Several of the authors criticize cultural colonialism and rail against imperialism, expressing their support for Puerto Rican independence. This current issue is discerned in the work of Marithelma Costa (“Viajes Organizados” ‘Organized Trips’135), Cenén Moreno (“El pueblo grita, presente” ‘The People Shout, Present’ 284), and Maria Riquelme (“Clandestinos” ‘Clandestines’ 340). Others, such as Nancy Mercado, exalt the image of the father of Puerto Rican nationalism, Dr. Pedro Albizu Campos (“The Master Pedro Albizu Campos” 254). Similarly, the former political prisoner Dylcia Pagán not only expresses her support for the struggle to emancipate Puerto Rico, but also describes how political compromise cost her two extreme sacrifices: her freedom and being away from her child; her poem “The Little Warrior” (318) presents us with the woman, the political fighter, and the mother.
The critique of imperialism is not limited to Puerto Rico’s situation; some poems express solidarity with other struggles against military occupations and call for an end to human rights violations. Carmen D. Lucca and Cenén Moreno convey strong support for the Palestinian cause, as well as forceful denunciation of genocide in the Middle East. García-Betancourt supports Palestine while condemning injustices committed in Rwanda. Several authors draw connections between the Puerto Rican independence movement and other worldwide struggles. For example, in “Brothers in the Same Page” (27) by Stephanie Agosto, the lyrics call in the same stanza for peace for the island of Vieques and the world, and also demand the release of former Black Panther, Mumia Abu-Jamal. Agosto also establishes links between the African-American and Puerto Rican struggles when comparing the figures of Malcolm X and Don Pedro Albizu Campos in her poem “Connections” (28).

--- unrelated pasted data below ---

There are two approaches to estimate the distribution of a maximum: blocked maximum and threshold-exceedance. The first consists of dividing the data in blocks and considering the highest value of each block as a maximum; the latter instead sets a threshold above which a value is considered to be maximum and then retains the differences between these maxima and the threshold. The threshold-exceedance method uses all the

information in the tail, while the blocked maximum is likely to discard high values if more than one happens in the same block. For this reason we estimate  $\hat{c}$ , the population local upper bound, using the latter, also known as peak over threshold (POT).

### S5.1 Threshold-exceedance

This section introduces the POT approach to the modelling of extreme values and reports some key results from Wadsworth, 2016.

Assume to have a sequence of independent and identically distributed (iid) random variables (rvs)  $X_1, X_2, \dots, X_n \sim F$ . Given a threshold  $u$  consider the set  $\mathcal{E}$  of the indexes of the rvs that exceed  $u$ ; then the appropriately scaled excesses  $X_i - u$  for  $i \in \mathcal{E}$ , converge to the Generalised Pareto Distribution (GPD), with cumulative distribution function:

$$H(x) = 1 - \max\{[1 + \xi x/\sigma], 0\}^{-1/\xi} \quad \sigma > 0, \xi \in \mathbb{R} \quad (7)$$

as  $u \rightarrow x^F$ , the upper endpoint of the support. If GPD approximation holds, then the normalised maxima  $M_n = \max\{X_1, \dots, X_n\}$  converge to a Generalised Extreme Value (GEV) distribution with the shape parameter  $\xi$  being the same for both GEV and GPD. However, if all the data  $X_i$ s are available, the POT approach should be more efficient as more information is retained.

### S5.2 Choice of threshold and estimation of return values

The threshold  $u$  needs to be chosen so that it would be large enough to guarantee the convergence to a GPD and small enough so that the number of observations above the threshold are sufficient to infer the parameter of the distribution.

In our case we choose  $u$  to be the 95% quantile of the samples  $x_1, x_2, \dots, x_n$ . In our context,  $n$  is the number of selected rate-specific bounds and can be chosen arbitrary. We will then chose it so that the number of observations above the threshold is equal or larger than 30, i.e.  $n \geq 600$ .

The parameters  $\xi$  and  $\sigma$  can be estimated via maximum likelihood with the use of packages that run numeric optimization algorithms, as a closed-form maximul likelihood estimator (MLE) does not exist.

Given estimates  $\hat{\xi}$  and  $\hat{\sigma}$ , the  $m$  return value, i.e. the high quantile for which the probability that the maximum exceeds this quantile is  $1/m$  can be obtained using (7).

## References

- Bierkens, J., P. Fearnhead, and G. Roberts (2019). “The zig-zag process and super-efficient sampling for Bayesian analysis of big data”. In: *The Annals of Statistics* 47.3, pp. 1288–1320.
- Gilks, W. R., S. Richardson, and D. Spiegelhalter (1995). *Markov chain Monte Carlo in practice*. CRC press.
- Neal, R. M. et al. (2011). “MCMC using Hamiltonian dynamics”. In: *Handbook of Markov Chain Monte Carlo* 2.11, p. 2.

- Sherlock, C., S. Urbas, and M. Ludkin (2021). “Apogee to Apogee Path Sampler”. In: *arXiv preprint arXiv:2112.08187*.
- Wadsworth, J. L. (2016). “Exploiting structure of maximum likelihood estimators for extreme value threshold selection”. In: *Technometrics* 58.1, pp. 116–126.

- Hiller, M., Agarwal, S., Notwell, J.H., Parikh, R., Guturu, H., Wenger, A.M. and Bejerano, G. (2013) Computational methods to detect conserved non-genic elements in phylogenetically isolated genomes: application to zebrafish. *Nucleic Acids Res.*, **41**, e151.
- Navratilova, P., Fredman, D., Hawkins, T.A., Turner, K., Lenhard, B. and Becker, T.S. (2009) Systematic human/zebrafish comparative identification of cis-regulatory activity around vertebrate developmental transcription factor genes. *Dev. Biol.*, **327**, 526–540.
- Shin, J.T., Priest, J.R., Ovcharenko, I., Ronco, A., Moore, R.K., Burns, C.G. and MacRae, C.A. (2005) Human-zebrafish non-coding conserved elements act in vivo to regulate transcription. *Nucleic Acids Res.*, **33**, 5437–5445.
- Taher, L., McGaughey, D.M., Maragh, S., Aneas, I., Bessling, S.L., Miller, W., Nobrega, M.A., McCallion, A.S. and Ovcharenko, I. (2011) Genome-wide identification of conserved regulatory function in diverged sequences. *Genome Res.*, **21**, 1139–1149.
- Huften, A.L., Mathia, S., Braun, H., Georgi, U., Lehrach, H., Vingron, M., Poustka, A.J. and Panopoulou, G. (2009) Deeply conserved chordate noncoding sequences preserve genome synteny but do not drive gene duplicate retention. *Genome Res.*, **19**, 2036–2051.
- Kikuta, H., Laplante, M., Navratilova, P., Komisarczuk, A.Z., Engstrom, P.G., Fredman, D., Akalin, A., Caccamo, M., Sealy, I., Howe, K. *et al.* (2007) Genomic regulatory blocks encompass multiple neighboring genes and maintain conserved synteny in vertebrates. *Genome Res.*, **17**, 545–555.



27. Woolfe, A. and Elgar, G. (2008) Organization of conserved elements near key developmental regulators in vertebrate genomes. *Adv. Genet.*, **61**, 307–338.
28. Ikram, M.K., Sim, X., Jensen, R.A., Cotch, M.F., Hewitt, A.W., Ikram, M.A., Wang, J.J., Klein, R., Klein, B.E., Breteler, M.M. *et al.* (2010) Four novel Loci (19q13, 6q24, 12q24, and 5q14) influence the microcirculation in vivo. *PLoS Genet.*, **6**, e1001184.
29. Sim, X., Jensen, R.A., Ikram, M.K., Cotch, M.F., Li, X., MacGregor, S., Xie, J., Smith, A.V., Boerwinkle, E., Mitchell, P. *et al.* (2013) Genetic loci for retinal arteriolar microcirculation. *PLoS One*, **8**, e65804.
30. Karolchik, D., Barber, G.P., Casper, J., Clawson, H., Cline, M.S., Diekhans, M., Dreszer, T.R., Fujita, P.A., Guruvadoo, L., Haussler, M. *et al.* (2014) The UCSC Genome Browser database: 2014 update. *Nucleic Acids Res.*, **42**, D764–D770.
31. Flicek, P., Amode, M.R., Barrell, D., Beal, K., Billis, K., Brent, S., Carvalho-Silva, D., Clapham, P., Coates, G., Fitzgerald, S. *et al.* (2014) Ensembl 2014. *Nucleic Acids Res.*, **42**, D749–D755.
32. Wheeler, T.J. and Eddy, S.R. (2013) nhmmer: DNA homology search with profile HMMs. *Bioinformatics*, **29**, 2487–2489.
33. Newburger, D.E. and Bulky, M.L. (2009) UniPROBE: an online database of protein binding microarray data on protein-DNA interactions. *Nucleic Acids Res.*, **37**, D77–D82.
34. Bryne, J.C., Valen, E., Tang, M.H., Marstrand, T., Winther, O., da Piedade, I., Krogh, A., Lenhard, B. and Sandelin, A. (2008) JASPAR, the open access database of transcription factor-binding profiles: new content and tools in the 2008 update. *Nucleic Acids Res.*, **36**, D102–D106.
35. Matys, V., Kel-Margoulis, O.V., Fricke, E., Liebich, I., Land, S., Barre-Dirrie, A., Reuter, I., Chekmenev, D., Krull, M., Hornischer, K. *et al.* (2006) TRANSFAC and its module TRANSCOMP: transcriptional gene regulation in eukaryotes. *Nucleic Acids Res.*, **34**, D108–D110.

Various authors decry the colonialism and imperialism of the United States and Europe against Puerto Rico, Latin America, the Middle East, and Africa. They also critique the conditions of social inequality that permeate in the United States and the circumstances of poverty and injustice produced by social inequity, as in “Olvidados” (“Forgotten”; 107) by Sheila Candelario and in “ Is There a Doc in the Hood?” (312) by Marina Ortiz, among others.
Another recurring issue of the poetry of several Nuyorican authors is the cultural hybridity in which many Puerto Ricans of the diaspora live. At the same time, they argue that Puerto Ricanness transcends geographical space and is an element that goes beyond linguistic records. So say María T. “Mariposa” Fernández (“Ode to the Diasporican” 169) and Caridad de la Luz “La Bruja” (“Nuyorico” 152). Some authors not only express pride in their Puerto Rican roots, but also refer to the struggle for Puerto Rican independence from the point of view of the diaspora, as Carmen Puigdollers does in “Asisto al banquete para celebrar la parada” (“I Attend the Banquet to Celebrate the Parade”; 329). Moreover Alba Ambert, in her story “El octavo continente” (“The Eighth Continent”; 40), addresses the difference between exile and diaspora, referring to the political persecution experienced by those Puerto Ricans who support the struggle for independence and are forced to emigrate from Puerto Rico.